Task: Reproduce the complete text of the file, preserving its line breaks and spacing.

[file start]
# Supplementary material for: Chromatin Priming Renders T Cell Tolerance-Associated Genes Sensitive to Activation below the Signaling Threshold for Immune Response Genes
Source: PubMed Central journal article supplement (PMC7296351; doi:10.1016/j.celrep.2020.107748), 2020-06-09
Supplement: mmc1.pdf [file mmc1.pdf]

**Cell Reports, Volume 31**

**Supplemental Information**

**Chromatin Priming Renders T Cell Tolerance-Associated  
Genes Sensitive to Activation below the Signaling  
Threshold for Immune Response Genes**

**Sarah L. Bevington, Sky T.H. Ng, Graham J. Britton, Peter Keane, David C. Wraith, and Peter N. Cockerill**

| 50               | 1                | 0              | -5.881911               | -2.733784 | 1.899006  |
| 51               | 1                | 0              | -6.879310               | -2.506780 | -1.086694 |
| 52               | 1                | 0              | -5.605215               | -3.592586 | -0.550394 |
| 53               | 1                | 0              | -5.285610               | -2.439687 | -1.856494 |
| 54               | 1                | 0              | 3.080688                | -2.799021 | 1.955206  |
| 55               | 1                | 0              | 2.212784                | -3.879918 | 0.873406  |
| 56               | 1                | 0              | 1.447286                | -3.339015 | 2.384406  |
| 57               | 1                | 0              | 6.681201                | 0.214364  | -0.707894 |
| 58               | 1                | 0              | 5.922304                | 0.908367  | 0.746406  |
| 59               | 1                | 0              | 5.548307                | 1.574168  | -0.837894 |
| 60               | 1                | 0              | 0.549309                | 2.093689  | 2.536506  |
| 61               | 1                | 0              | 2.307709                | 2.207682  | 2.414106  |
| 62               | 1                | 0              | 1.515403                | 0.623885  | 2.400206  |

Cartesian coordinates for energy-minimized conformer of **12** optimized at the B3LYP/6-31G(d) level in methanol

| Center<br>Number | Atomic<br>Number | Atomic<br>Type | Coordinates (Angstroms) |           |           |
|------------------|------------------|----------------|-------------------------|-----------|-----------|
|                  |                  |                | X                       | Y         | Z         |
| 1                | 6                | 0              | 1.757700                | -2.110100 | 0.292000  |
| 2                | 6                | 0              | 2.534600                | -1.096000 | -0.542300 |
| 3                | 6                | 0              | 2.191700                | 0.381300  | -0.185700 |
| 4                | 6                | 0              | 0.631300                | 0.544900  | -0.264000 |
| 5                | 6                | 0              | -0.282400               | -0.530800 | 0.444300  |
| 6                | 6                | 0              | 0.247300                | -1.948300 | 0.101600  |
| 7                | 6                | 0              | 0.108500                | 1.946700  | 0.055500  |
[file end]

# Supplementary material for: Chromatin Priming Renders T Cell Tolerance-Associated Genes Sensitive to Activation below the Signaling Threshold for Immune Response Genes
Source: PubMed Central journal article supplement (PMC7296351; doi:10.1016/j.celrep.2020.107748), 2020-06-09
Supplement: mmc1.pdf [file mmc1.pdf]

**Cell Reports, Volume 31**

**Supplemental Information**

**Chromatin Priming Renders T Cell Tolerance-Associated  
Genes Sensitive to Activation below the Signaling  
Threshold for Immune Response Genes**

**Sarah L. Bevington, Sky T.H. Ng, Graham J. Britton, Peter Keane, David C. Wraith, and Peter N. Cockerill**

| 50               | 1                | 0              | -5.881911               | -2.733784 | 1.899006  |
| 51               | 1                | 0              | -6.879310               | -2.506780 | -1.086694 |
| 52               | 1                | 0              | -5.605215               | -3.592586 | -0.550394 |
| 53               | 1                | 0              | -5.285610               | -2.439687 | -1.856494 |
| 54               | 1                | 0              | 3.080688                | -2.799021 | 1.955206  |
| 55               | 1                | 0              | 2.212784                | -3.879918 | 0.873406  |
| 56               | 1                | 0              | 1.447286                | -3.339015 | 2.384406  |
| 57               | 1                | 0              | 6.681201                | 0.214364  | -0.707894 |
| 58               | 1                | 0              | 5.922304                | 0.908367  | 0.746406  |
| 59               | 1                | 0              | 5.548307                | 1.574168  | -0.837894 |
| 60               | 1                | 0              | 0.549309                | 2.093689  | 2.536506  |
| 61               | 1                | 0              | 2.307709                | 2.207682  | 2.414106  |
| 62               | 1                | 0              | 1.515403                | 0.623885  | 2.400206  |

Cartesian coordinates for energy-minimized conformer of **12** optimized at the B3LYP/6-31G(d) level in methanol

| Center<br>Number | Atomic<br>Number | Atomic<br>Type | Coordinates (Angstroms) |           |           |
|------------------|------------------|----------------|-------------------------|-----------|-----------|
|                  |                  |                | X                       | Y         | Z         |
| 1                | 6                | 0              | 1.757700                | -2.110100 | 0.292000  |
| 2                | 6                | 0              | 2.534600                | -1.096000 | -0.542300 |
| 3                | 6                | 0              | 2.191700                | 0.381300  | -0.185700 |
| 4                | 6                | 0              | 0.631300                | 0.544900  | -0.264000 |
| 5                | 6                | 0              | -0.282400               | -0.530800 | 0.444300  |
| 6                | 6                | 0              | 0.247300                | -1.948300 | 0.101600  |
| 7                | 6                | 0              | 0.108500                | 1.946700  | 0.055500  |